U.S. Interior Secretary Ryan Zinke is recommending that the new Bears Ears National Monument in Utah be reduced in size and says Congress should step in to designate how selected areas of the 1.3-million-acre site are categorized.
Zinke made the recommendation Monday as part of an interim report to President Donald Trump on the scenic swath of southern Utah with red rock plateaus, cliffs and canyons on land considered sacred to tribes.
Trump signed an executive order in April directing Zinke to review the designation of dozens national monuments on federal lands, calling the protection efforts “a massive federal land grab” by previous administrations.
Republicans have singled out former president Barack Obama’s designation of Bears Ears, calling it an unnecessary layer of federal control that will close off new development.
Obama used the 1906 Antiquities Act to decree the national monument as one of his last acts as president, over the loud objections of almost all the state’s Republican lawmakers.
Park access, preservation at issue
Some were upset the area would be cut off from development and oil and gas extraction. Others said when other areas in Utah became national monuments, locals found their livelihoods hurt by a flurry of new regulations.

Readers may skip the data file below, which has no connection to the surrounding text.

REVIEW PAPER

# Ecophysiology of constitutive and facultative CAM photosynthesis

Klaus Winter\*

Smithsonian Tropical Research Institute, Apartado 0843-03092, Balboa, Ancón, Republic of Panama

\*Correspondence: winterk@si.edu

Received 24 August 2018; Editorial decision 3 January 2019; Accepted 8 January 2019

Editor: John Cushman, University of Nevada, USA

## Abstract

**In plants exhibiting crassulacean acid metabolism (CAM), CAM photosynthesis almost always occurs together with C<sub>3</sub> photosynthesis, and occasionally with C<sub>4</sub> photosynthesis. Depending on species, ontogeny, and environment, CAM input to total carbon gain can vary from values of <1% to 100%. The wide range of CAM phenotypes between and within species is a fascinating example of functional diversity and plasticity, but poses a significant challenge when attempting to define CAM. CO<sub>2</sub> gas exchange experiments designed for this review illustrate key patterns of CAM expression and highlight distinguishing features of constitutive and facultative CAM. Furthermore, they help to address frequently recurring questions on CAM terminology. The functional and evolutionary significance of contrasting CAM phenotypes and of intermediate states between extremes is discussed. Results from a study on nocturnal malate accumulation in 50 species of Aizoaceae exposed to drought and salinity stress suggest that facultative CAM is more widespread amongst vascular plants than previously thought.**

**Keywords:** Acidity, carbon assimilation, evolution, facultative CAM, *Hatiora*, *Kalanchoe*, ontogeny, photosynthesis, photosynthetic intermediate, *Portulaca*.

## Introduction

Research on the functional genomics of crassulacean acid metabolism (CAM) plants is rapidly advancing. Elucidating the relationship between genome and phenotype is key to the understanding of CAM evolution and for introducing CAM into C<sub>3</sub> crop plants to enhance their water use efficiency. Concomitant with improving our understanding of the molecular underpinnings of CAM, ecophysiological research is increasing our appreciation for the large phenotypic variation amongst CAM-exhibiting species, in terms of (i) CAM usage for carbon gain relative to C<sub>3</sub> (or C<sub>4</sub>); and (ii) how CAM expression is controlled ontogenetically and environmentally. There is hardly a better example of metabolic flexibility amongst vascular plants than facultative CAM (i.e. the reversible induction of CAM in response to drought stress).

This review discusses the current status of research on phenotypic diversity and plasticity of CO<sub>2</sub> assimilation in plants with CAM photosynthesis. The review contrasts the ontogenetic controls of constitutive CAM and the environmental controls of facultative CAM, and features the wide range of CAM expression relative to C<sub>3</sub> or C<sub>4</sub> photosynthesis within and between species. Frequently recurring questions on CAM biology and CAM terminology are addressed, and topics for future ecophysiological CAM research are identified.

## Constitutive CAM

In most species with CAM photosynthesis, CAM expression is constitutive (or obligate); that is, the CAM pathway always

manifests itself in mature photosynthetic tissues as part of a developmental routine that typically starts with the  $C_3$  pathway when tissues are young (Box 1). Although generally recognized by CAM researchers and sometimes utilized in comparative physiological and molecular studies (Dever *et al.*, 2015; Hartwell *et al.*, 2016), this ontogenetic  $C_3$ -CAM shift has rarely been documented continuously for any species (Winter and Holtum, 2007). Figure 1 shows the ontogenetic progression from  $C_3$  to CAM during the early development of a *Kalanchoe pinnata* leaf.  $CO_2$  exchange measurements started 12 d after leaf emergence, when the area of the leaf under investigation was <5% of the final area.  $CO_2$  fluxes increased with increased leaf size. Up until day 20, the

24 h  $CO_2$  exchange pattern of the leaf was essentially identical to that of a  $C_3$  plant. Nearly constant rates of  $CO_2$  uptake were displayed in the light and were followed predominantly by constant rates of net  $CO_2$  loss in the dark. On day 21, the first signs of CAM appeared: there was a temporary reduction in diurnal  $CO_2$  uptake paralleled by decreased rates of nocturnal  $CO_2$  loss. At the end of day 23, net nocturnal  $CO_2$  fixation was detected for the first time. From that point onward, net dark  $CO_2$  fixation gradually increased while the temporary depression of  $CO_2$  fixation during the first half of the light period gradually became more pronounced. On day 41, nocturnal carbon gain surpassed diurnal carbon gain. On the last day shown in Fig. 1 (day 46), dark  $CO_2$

“They say that all the access will be the same, that we’ll be able to get our wood, that the grazing rights will stay the same,” Nicole Holliday, who comes from a ranching family in nearby Blanding, Utah, previously told CBC News.
“They say that right now. But I don’t believe it.”
However support for Bears Ears is much higher among the five Indigenous tribes that united to create the park: the Hopi, Navajo, Ute, Ute Mountain and Zuni tribes.
Bears Ears has thousands of ancient burial grounds, cultural sites and rock art that date back millennia.
“It’s something that we’re trying to preserve,” said Navajo elder Jonah Yellowman, who comes to Bears Ears to collect medicinal herbs.
“It’s spiritual, it’s our ancestors. They’re still here.”